March 12, 2014
Students at the Core of Legislation
By Naomi Kellogg, Hiatt Allen & Andrew Brennen
Leaders in the state Senate have filed a new bill, and it could have an effect on every one of us Kentucky public school students.
Senate Bill 224 represents an attempt to dismantle the Kentucky Core Academic Standards (KCAS), related to math and English and language arts content, and the Next Generation Science Standards (NGSS). It will be heard in committee this Thursday, while we, the greatest stakeholders, are still in school.
The idea behind the Common Core State Standards, implemented as KCAS in Kentucky, is to better prepare us for adult life in the global community and to ensure that students in every district in the country benefit from consistency in substance and rigor at every grade level.
What is that supposed to look like for those of us at the classroom level? Ideally, KCAS means less rote memorization in math with a greater emphasis on showing the work and applying formulas. In English, we should notice an emphasis on reading and writing critiques and forming arguments that are based on evidence, not unsubstantiated opinions. Under KCAS, we are also likely to see our teachers facilitating group discussions and problem-solving rather than giving us information through a more traditional lecture.
At least a few successful high school students who understand what this initiative is trying to do see the logic behind it:
“I see a distinct advantage in introducing students to what they will learn in the next grade,” Nolan Rudloff, a junior at Greenwood High School in Bowling Green said. “This gives students that want to get ahead a main idea of what they need to study and the kinds of resources that they need to look over to prepare.”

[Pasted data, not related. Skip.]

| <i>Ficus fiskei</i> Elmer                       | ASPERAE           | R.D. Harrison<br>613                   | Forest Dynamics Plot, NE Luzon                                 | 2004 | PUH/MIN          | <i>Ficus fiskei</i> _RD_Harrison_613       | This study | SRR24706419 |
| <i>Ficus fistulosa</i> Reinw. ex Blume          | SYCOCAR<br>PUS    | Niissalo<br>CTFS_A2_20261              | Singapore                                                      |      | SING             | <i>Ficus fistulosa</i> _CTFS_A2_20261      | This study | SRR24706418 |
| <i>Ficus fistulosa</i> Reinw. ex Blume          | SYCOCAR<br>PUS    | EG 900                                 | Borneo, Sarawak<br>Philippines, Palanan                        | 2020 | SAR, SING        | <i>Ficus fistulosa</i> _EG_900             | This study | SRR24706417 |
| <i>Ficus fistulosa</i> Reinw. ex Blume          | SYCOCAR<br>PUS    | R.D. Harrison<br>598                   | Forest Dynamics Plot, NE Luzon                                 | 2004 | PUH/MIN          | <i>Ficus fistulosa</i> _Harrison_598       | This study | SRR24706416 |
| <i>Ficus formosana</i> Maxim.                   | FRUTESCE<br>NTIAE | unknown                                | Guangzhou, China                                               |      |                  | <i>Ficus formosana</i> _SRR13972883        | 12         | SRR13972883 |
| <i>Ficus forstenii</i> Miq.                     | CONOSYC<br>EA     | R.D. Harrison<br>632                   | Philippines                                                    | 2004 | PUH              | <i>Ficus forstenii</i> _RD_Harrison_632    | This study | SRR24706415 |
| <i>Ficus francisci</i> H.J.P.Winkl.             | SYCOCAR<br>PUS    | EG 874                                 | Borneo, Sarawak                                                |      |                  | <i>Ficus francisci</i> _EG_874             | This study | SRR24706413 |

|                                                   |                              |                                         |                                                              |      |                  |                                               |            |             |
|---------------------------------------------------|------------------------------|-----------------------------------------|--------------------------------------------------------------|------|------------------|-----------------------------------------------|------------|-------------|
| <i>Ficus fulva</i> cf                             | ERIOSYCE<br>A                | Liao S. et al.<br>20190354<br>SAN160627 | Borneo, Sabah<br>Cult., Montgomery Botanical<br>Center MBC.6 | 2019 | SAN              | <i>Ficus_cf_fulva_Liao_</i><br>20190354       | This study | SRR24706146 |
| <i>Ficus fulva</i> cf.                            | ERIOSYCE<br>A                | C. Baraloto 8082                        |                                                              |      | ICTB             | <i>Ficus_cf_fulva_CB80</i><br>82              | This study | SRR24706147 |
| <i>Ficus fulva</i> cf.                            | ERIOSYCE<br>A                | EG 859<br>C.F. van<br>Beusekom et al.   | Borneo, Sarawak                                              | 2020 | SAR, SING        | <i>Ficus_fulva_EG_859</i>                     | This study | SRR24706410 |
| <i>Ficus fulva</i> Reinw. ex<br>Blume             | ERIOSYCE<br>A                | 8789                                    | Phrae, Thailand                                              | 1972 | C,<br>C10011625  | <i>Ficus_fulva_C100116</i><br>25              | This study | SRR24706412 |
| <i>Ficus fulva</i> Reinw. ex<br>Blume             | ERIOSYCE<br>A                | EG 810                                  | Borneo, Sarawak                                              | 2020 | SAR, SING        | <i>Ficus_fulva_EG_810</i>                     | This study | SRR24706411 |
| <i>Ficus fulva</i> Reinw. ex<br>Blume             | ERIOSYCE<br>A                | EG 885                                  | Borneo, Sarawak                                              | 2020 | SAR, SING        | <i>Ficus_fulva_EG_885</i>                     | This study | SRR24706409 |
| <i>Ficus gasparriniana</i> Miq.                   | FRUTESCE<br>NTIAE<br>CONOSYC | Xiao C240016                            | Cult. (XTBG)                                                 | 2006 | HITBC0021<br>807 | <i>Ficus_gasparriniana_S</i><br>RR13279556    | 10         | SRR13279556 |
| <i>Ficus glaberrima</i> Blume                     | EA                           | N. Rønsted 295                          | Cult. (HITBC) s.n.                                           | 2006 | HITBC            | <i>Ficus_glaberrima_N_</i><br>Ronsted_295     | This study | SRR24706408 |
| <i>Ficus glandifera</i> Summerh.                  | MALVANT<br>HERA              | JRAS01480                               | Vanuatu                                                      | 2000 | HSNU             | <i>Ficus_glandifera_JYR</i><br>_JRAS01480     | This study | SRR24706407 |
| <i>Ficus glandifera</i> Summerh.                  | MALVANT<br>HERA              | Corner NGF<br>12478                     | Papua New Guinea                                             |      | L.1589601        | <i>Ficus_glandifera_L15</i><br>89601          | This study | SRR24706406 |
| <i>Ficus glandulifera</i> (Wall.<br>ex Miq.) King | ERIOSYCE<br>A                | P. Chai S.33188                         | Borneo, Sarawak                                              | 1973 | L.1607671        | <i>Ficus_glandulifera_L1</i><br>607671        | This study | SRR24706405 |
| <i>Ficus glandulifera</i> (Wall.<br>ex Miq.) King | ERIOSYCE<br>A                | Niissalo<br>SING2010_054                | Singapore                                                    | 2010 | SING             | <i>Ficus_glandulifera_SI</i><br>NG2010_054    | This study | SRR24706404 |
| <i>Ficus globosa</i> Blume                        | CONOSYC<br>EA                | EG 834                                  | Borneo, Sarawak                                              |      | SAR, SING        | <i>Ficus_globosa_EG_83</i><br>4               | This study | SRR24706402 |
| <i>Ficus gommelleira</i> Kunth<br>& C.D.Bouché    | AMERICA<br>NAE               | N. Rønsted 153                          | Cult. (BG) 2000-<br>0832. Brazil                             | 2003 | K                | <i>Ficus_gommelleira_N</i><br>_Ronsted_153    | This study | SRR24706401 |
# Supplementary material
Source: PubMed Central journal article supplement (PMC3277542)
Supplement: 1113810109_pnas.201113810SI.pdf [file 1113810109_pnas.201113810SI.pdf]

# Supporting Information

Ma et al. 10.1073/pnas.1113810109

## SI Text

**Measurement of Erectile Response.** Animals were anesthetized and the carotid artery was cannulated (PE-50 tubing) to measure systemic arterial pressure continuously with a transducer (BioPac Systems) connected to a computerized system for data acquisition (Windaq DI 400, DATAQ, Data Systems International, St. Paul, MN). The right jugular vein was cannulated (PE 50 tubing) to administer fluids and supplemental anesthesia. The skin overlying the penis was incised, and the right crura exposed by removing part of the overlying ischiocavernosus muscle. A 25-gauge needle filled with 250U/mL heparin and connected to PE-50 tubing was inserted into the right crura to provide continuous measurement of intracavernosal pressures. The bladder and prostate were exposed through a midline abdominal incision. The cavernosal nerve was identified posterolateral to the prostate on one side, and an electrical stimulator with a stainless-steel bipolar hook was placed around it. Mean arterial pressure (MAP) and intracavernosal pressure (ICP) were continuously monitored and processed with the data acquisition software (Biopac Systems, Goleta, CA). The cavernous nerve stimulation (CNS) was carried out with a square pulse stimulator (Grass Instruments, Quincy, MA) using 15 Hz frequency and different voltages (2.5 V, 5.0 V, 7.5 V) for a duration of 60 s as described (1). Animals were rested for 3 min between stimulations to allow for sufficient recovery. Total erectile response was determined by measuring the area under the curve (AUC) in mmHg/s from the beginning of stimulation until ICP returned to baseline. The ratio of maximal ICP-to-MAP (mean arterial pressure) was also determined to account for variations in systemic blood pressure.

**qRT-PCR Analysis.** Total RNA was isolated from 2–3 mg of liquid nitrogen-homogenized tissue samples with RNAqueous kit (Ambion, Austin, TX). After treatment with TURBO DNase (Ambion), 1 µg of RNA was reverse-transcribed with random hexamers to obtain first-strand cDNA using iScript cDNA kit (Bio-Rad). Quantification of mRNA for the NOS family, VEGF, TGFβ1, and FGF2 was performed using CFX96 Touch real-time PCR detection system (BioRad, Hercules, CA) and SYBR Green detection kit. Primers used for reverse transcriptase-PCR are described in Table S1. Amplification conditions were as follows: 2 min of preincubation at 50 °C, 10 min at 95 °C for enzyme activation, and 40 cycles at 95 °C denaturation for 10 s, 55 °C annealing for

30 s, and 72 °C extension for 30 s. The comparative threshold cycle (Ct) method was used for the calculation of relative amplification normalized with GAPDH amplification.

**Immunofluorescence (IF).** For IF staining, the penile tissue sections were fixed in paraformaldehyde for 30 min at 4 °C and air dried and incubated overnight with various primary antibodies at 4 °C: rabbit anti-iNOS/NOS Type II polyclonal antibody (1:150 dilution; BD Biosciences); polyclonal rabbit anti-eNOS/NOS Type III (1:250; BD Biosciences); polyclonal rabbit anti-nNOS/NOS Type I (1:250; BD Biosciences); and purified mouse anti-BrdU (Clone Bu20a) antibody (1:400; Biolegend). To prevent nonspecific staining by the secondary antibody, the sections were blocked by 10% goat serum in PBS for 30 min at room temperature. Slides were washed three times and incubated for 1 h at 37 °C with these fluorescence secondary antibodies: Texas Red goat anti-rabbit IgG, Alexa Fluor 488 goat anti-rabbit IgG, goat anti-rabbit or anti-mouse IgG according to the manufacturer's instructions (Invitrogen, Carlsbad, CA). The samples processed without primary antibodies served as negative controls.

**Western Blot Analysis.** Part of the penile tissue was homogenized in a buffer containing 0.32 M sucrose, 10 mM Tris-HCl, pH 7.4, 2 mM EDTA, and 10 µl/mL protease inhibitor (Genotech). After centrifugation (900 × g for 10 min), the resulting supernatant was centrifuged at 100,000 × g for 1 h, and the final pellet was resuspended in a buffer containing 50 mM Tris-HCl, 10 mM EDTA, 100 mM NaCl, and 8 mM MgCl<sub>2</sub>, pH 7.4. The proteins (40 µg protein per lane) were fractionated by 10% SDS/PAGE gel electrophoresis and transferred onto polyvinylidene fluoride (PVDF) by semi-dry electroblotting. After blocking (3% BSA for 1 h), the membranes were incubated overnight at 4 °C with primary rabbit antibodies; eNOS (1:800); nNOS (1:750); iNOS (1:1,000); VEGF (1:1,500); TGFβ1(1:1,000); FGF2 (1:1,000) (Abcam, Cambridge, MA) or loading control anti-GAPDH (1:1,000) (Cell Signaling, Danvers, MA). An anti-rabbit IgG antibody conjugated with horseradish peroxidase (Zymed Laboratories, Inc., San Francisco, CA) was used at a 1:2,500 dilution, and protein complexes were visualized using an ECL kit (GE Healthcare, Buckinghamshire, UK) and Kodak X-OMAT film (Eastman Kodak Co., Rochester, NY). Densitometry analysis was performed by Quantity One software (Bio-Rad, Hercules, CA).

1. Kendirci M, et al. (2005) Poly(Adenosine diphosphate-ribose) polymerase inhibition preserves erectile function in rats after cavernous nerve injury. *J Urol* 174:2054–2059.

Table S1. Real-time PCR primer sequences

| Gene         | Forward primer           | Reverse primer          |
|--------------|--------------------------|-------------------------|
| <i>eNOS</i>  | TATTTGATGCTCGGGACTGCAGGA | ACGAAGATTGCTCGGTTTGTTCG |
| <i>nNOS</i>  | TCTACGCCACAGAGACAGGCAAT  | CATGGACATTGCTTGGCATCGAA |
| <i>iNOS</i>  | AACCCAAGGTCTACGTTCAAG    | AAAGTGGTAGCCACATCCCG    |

Ben Swanson, a Henry Clay senior in Lexington, appreciates the focus on expecting rigor from everyone, including lower academic achievers. “Throughout my K-12 education, the most valuable courses I’ve taken have emphasized critical thinking and problem solving. These are the skills I know are necessary for success — whether in higher education or the job market — and they apply to all kinds of students.”
When considering SB 224 and this week’s likely debates, students and the broader public would do well to keep some basic facts in mind:
Though the standards were developed by educators working with two national organizations, the National Governors Association and the Council of Chief State School Officers, they leave all decisions about the curriculum and teaching practices for meeting the standards to local districts and schools.
Neither Congress nor the U.S. Department of Education has mandated the adoption of the standards. They have incentivized states to adopt them, however, in initiatives like Race to the Top.
No additional testing is required by the standards. In Kentucky, the previous testing system known as the Kentucky Core Content Test and the Commonwealth Accountability Testing System is being replaced by the Kentucky Performance Rating for Educational Progress tests, or K-PREP.
The standards do not dictate teaching methods. They are left broad on purpose to allow teachers to teach the way they feel is best.
As Kentucky public school students, we should pay special attention to the actions in our state legislature this week. And regardless of where you are on the common standards issue, it’s likely you will need the very critical-thinking skills they purport to promote to do just that.
The Kentucky Student Voice Team is a statewide organization of young people who are co-creating more just, democratic Kentucky schools & communities as research, policy & advocacy partners.
It was founded in 2012 at the Prichard Committee for Academic Excellence, an independent, nonpartisan, citizen-led organization working to improve education in Kentucky—early childhood through postsecondary. Since 2021, KSVT has been an independent organization.
This op-ed originally ran in the Courier Journal.